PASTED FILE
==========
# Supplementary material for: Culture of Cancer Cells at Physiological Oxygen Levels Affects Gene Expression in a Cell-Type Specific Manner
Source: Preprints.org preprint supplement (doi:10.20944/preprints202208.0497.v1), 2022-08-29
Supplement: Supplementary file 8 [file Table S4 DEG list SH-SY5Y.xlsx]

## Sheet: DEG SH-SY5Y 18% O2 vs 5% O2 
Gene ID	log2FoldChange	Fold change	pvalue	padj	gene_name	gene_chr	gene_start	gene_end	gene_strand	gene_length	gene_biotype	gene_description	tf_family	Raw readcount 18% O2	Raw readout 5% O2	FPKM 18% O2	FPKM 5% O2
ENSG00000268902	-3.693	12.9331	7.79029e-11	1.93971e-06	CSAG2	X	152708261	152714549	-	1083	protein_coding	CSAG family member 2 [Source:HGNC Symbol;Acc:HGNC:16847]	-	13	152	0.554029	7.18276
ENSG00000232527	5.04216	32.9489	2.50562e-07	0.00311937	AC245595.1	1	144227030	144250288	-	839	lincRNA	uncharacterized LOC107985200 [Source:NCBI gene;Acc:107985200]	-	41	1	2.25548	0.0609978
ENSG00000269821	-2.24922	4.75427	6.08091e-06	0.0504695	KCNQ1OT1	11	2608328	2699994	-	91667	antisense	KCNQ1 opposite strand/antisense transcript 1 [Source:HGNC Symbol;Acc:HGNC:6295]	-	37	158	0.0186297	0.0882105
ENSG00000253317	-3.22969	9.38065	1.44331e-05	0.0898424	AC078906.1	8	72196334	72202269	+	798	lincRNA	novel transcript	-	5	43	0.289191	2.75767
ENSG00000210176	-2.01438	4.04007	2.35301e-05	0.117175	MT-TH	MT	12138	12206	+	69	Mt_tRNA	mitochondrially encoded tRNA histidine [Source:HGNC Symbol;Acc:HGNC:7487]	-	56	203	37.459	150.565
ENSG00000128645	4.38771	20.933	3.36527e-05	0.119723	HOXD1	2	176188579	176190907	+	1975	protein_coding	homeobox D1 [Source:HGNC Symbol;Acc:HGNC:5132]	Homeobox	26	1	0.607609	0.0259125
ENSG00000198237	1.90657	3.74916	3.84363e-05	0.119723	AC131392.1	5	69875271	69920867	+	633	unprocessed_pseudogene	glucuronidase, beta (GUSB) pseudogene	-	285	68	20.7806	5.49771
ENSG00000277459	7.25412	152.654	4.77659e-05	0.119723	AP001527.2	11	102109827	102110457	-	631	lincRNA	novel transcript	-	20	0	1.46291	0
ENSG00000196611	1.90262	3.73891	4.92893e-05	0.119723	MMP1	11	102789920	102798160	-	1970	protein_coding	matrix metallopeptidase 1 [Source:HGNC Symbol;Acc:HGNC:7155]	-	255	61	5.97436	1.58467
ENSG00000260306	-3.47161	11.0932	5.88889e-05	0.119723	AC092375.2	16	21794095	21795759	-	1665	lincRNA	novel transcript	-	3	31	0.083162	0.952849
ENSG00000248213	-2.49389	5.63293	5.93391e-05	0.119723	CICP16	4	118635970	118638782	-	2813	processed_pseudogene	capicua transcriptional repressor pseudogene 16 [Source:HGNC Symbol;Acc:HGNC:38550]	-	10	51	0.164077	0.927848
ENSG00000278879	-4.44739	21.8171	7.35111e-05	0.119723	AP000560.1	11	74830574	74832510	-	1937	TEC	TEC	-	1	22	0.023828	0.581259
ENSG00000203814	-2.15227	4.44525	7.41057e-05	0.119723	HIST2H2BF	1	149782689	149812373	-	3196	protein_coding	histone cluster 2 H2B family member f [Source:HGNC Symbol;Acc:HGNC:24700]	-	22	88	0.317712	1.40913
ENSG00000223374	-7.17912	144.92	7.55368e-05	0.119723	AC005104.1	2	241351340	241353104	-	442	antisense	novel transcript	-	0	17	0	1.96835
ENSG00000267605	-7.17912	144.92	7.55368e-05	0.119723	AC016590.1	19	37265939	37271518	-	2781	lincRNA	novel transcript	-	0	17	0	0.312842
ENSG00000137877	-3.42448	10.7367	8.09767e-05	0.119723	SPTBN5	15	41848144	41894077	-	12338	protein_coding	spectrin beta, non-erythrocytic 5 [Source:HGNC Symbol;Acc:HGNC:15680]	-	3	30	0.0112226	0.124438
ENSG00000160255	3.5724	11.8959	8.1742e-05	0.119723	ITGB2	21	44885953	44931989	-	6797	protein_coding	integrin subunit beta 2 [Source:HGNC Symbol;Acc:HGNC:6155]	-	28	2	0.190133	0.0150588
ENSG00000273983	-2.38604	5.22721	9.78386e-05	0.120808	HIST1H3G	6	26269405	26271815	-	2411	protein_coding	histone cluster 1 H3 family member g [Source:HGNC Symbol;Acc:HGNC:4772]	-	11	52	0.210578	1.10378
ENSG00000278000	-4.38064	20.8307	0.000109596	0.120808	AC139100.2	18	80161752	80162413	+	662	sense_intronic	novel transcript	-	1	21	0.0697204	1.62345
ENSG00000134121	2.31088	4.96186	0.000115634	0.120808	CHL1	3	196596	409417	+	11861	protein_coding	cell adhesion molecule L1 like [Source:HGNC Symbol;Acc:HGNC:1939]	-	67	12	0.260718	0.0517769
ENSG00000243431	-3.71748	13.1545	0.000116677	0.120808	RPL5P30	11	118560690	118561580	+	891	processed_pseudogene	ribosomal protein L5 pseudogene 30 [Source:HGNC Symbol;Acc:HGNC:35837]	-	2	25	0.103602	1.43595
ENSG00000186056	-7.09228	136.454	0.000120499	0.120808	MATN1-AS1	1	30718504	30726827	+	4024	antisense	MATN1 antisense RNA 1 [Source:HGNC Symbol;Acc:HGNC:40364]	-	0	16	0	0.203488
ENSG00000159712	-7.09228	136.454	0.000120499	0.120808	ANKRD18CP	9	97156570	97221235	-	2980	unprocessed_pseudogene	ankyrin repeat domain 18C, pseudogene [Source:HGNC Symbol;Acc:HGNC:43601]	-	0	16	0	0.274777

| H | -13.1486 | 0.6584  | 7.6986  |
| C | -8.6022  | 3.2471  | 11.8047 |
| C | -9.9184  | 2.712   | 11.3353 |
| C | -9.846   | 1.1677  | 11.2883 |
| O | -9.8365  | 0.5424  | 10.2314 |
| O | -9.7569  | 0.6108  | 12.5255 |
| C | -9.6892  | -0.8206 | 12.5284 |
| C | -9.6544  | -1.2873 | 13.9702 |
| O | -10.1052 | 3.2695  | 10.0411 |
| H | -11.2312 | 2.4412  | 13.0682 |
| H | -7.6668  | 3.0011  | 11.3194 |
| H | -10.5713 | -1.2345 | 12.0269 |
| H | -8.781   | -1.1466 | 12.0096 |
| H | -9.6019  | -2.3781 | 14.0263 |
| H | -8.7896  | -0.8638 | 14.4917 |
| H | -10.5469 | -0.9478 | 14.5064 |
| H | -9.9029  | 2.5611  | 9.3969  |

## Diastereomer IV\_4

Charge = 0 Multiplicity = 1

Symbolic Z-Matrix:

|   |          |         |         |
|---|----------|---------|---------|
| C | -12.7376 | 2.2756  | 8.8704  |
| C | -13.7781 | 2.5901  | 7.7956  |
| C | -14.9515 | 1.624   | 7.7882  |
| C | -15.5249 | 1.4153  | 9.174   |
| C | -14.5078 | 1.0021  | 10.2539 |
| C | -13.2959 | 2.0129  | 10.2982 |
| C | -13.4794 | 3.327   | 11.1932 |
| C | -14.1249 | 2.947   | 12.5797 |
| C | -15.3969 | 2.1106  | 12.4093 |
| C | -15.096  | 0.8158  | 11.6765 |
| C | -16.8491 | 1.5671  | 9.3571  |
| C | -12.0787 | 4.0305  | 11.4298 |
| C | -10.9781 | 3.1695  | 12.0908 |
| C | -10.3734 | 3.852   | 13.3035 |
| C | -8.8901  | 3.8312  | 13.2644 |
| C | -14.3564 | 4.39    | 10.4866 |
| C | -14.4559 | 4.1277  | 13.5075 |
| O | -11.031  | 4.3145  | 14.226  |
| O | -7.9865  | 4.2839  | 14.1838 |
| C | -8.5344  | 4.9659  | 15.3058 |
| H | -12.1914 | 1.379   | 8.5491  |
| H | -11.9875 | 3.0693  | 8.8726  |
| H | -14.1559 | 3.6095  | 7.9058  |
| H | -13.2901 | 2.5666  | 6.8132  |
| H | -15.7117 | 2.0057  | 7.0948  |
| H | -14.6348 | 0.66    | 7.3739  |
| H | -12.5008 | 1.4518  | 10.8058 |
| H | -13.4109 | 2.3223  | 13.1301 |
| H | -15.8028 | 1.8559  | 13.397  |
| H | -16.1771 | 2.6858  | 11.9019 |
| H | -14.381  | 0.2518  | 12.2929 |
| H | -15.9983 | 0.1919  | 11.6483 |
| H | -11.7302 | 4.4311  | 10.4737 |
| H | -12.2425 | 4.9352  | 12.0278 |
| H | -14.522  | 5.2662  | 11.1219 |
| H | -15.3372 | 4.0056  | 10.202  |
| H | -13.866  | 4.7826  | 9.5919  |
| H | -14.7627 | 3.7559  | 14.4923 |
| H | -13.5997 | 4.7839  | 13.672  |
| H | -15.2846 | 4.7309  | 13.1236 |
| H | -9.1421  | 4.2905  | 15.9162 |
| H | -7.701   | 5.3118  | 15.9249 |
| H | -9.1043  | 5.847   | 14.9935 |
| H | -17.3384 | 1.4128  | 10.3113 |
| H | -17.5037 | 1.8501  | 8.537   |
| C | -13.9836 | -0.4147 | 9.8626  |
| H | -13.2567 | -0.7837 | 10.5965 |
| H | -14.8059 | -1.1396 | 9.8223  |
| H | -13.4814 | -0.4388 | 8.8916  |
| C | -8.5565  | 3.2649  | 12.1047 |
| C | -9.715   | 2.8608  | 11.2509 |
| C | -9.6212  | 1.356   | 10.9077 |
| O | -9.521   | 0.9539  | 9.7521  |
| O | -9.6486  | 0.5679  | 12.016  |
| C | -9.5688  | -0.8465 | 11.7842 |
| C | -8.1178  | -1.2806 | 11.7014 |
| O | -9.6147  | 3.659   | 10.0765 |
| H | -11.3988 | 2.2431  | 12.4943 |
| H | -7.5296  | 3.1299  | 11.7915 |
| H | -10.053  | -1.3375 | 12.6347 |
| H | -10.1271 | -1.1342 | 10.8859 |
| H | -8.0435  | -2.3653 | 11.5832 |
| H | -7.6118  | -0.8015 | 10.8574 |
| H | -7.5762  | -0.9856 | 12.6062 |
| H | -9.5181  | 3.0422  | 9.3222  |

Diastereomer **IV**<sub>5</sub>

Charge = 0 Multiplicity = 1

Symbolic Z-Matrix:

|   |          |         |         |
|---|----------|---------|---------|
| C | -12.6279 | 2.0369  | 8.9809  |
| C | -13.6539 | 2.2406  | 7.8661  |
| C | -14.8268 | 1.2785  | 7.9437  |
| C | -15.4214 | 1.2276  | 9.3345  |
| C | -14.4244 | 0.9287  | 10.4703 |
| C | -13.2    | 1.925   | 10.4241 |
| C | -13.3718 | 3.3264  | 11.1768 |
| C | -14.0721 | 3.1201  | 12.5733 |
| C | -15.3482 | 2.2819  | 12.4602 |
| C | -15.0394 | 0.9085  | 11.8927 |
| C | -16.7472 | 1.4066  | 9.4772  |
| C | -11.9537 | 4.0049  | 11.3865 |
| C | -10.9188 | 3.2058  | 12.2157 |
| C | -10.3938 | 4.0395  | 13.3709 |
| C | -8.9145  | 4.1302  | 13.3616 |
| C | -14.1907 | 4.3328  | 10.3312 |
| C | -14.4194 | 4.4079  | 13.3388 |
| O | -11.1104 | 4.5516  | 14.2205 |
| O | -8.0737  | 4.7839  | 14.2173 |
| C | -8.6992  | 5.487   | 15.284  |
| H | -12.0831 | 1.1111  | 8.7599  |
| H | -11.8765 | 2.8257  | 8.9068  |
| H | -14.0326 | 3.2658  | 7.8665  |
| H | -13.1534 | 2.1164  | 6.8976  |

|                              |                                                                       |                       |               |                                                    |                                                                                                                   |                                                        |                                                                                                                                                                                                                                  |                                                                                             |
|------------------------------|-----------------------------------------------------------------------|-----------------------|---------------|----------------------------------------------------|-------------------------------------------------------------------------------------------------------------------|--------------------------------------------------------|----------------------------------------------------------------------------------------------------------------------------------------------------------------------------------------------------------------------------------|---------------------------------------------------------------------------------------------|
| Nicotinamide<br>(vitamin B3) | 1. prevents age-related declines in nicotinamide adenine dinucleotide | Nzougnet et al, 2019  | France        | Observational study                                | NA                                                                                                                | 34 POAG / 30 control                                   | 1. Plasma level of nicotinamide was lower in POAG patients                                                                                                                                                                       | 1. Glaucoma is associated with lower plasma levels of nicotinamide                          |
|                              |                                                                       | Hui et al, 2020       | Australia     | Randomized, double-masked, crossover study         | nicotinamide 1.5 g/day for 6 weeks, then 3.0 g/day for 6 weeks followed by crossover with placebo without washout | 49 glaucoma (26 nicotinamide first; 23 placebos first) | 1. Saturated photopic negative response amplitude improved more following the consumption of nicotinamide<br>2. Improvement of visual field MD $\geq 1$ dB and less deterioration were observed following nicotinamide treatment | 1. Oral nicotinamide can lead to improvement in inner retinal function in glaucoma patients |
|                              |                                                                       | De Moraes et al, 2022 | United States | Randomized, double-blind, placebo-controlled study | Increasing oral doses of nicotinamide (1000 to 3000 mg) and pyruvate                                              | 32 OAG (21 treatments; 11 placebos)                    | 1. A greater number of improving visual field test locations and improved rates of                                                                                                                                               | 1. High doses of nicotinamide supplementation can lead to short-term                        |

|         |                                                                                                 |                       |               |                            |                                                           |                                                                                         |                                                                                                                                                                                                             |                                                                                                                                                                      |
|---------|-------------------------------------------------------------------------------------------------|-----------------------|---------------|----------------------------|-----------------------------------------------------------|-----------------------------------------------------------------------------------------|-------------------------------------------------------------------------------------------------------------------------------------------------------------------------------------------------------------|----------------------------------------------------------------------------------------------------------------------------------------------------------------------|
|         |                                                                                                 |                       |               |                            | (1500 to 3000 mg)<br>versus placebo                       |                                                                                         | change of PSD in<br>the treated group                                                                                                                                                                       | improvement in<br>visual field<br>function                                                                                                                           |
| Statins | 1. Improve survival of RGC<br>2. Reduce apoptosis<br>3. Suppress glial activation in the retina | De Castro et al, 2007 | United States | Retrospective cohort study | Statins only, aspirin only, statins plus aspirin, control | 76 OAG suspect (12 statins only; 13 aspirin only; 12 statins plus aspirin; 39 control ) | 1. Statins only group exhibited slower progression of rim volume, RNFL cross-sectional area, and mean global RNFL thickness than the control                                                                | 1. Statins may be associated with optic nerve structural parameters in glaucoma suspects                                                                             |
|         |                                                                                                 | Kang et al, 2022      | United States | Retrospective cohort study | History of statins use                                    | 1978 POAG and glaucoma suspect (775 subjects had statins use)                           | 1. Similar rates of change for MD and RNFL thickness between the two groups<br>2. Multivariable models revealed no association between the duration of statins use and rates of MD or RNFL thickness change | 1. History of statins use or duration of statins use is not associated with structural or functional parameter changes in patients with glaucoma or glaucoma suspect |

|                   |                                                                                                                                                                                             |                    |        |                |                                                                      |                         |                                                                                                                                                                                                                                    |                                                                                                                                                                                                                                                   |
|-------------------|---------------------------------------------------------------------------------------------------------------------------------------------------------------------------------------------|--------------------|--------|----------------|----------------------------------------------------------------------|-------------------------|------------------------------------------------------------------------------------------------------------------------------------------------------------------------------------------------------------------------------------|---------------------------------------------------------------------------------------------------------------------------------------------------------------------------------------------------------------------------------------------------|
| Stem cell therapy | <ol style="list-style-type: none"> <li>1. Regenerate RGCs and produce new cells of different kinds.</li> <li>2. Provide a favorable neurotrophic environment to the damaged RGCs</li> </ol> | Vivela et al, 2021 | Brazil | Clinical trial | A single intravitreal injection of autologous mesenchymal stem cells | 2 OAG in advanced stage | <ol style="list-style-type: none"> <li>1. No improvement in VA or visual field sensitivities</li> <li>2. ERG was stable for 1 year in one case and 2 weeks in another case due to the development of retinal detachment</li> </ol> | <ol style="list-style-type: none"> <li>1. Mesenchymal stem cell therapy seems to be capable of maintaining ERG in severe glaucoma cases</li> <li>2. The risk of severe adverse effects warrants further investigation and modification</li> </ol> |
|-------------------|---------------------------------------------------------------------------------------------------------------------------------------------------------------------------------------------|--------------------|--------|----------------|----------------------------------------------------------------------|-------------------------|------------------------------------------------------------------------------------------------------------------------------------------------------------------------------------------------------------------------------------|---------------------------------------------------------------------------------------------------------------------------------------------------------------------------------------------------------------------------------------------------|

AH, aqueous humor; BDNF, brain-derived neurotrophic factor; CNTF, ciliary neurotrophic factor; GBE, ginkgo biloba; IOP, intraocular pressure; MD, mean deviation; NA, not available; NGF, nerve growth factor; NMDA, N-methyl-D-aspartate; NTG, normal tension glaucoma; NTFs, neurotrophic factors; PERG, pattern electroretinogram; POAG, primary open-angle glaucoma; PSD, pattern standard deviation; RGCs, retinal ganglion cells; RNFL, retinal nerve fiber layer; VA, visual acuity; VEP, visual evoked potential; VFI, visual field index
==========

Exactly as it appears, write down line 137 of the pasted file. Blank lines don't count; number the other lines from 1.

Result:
| C | -14.4194 | 4.4079  | 13.3388 |